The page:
Improving Performance via Parallelism in Oracle Event Processing Pipelines with High-Availability by Mauricio Arango

This posting explains how to use parallelism to improve performance of Oracle Event Processing (OEP) applications with active-active high-availability (HA) deployments. Parallelism is exploited for performance gain in each one of the server instances of an HA configuration. This is achieved by identifying sections of an application’s processing pipeline that can operate in parallel, and, therefore, can be mapped to separate processing threads. Both pipeline and independent query parallelism are described.

Pipeline Parallelism

A pipeline architecture has inherent concurrency because each of its stages works in parallel on different data elements flowing through it. For example, in the pipeline in figure 1, if each stage is assigned its own processing thread, the following actions can occur in concurrently: input JMS adapter reads event #3 from a JMS topic, CQL query processor handles event #2, and output JMS adapter writes event #1 to a queue.

Figure 1. OEP Pipeline with three concurrent stages


Although OEP HA pipelines are limited to one thread per stage, significant performance gains can be achieved by running each stage in a separate thread as compared to running all stages on one thread or in a number of threads smaller than the number of pipeline stages.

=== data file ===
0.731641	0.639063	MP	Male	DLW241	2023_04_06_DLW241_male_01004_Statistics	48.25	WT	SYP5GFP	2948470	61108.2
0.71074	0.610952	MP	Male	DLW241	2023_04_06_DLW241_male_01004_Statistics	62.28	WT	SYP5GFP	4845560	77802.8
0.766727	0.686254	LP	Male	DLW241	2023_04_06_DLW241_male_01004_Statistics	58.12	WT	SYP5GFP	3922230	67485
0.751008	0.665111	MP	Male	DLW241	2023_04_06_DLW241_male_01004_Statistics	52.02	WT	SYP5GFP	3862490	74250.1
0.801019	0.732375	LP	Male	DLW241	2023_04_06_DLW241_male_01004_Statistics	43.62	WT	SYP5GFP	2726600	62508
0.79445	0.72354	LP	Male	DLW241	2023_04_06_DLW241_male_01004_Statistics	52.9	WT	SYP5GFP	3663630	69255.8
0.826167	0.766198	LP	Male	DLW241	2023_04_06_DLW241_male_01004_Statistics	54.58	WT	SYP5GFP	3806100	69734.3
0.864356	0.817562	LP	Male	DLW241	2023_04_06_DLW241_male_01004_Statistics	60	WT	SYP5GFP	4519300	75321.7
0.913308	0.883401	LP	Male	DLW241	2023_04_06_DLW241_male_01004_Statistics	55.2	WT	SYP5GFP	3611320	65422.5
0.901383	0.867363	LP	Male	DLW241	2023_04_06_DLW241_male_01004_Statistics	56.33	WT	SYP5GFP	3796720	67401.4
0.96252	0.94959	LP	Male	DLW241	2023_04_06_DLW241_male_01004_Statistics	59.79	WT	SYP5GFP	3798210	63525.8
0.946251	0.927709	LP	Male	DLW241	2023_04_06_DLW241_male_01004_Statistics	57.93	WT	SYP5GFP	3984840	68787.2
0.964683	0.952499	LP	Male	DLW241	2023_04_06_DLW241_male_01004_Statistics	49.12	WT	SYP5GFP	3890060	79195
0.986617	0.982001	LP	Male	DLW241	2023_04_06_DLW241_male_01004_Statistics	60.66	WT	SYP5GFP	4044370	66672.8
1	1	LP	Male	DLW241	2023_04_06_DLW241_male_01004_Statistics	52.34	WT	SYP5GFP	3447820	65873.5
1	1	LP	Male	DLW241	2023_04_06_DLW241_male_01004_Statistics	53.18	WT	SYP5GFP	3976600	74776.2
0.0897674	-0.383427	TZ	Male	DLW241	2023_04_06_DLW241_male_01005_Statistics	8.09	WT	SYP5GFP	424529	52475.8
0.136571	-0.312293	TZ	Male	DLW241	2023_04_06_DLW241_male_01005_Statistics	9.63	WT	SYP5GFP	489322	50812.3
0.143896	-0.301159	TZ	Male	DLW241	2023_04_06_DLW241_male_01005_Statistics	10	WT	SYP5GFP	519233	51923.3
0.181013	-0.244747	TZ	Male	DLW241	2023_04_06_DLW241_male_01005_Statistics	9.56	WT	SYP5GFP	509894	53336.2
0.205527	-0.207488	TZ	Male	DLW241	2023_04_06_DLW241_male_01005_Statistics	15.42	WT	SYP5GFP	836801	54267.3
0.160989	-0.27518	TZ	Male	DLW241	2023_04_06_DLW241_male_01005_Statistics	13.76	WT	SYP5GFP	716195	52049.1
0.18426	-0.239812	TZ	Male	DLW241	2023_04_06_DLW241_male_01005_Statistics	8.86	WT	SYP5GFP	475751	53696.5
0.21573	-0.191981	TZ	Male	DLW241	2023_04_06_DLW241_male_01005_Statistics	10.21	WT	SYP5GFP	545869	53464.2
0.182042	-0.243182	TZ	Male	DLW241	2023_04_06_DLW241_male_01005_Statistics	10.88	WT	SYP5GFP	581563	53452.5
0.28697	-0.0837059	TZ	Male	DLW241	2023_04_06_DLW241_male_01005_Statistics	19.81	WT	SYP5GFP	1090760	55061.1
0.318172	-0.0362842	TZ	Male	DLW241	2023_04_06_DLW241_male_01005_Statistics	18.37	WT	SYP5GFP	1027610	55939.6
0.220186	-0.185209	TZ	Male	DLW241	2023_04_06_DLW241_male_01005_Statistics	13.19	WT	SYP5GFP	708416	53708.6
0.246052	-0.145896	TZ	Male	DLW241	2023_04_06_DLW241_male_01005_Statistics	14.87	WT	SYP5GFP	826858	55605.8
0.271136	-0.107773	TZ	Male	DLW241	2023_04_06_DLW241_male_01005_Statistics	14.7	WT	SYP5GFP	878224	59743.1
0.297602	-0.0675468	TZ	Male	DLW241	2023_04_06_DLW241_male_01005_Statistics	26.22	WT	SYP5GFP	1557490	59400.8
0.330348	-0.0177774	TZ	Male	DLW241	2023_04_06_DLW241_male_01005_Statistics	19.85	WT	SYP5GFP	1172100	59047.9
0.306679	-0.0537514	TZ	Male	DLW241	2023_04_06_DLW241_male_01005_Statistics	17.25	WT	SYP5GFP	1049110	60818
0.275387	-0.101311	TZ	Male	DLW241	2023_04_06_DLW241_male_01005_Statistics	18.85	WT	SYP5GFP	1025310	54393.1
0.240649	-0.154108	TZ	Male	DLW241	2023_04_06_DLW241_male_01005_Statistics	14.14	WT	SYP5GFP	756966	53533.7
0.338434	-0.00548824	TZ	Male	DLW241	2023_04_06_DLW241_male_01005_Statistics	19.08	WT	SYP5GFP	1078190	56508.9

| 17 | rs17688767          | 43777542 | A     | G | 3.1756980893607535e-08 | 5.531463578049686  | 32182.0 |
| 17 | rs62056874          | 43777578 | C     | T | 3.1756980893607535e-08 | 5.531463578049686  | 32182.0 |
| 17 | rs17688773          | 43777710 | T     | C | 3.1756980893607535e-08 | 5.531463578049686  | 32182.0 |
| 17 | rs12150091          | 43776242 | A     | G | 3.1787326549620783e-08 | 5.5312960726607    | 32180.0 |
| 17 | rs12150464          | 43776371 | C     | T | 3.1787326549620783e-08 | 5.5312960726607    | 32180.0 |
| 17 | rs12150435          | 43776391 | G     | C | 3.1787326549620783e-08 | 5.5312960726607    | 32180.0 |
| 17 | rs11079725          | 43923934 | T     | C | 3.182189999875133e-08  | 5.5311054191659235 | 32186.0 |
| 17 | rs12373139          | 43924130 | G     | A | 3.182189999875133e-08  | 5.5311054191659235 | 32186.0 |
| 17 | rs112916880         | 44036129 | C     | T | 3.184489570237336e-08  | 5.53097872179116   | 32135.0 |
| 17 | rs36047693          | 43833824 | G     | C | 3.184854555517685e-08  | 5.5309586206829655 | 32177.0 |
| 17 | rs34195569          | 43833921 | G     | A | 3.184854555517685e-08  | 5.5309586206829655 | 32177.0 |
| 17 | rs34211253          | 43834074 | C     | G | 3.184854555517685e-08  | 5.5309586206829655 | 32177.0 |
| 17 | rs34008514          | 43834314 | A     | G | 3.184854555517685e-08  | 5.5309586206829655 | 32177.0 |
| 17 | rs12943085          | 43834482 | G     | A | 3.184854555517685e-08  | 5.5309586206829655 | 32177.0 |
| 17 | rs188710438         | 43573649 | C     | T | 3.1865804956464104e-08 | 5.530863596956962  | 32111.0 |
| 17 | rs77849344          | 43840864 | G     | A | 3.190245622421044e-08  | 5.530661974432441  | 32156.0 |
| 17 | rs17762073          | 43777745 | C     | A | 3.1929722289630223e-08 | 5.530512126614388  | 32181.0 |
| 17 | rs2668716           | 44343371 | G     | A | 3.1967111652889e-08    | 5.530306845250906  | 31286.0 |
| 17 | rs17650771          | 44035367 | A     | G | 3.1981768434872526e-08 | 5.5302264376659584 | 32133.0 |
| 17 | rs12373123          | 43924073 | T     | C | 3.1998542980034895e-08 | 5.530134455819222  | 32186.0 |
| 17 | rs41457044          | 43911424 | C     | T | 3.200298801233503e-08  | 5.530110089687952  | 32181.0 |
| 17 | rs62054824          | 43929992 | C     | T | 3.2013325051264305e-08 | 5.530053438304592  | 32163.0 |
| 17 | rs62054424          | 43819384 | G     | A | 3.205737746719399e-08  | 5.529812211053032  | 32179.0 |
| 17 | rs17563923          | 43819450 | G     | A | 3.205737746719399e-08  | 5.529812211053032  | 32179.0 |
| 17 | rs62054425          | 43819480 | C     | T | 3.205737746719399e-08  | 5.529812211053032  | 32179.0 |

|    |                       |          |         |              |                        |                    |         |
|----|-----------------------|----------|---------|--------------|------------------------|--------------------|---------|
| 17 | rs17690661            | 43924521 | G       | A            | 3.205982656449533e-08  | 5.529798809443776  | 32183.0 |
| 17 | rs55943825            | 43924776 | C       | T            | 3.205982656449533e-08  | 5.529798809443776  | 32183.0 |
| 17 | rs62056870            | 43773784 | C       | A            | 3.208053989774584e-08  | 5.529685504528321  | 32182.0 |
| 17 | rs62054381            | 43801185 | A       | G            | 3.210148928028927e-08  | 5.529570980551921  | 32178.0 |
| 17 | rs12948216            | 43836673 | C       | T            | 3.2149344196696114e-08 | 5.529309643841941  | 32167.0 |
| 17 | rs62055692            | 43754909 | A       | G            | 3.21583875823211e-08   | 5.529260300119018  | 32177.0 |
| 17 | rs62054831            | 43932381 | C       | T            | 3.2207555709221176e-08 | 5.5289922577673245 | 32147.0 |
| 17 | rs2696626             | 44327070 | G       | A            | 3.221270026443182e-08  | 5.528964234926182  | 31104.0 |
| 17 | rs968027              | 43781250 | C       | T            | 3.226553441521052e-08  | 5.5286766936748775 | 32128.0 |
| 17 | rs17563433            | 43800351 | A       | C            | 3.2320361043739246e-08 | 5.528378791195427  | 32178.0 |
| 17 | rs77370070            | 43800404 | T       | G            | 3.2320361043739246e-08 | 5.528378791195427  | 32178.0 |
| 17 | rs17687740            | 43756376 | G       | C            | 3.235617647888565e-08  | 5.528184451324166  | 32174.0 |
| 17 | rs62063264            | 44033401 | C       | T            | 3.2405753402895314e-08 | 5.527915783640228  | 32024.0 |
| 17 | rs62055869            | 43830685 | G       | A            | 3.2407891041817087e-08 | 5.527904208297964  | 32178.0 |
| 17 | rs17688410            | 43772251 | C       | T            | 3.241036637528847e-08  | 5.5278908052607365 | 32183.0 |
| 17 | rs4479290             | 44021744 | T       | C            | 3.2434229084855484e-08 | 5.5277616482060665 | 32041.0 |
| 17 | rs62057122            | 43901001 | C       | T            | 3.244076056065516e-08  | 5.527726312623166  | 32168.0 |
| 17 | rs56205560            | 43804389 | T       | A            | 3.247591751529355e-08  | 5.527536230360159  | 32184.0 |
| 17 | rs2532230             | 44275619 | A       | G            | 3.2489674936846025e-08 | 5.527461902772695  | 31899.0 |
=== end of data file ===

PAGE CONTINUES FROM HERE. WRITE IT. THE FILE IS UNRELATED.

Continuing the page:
A key constraint in OEP when using active-active HA (see Oracle Fusion Middleware Developer’s Guide for Oracle Event Processing 11g Release 1 ( for Eclipse, section 24) is that it requires the input streams to both the primary and the secondary instances to be identical and to maintain the same event ordering as events flow through the OEP Event Processing Network (EPN). This constrain limits the EPN topology to be either a linear pipeline, starting from an input adapter and ending with an output adapter, or a tree where, each node with downstream branching replicates every event to each of its branches.

The event ordering requirement also limits to one the number of threads assigned to each stage of the EPN. Having more than one thread in one stage, for example, in an input JMS adapter, would fail to assure that the order of events entering the following stage, such as input channel, is the same in both the primary and secondary instances. Read the complete article here.

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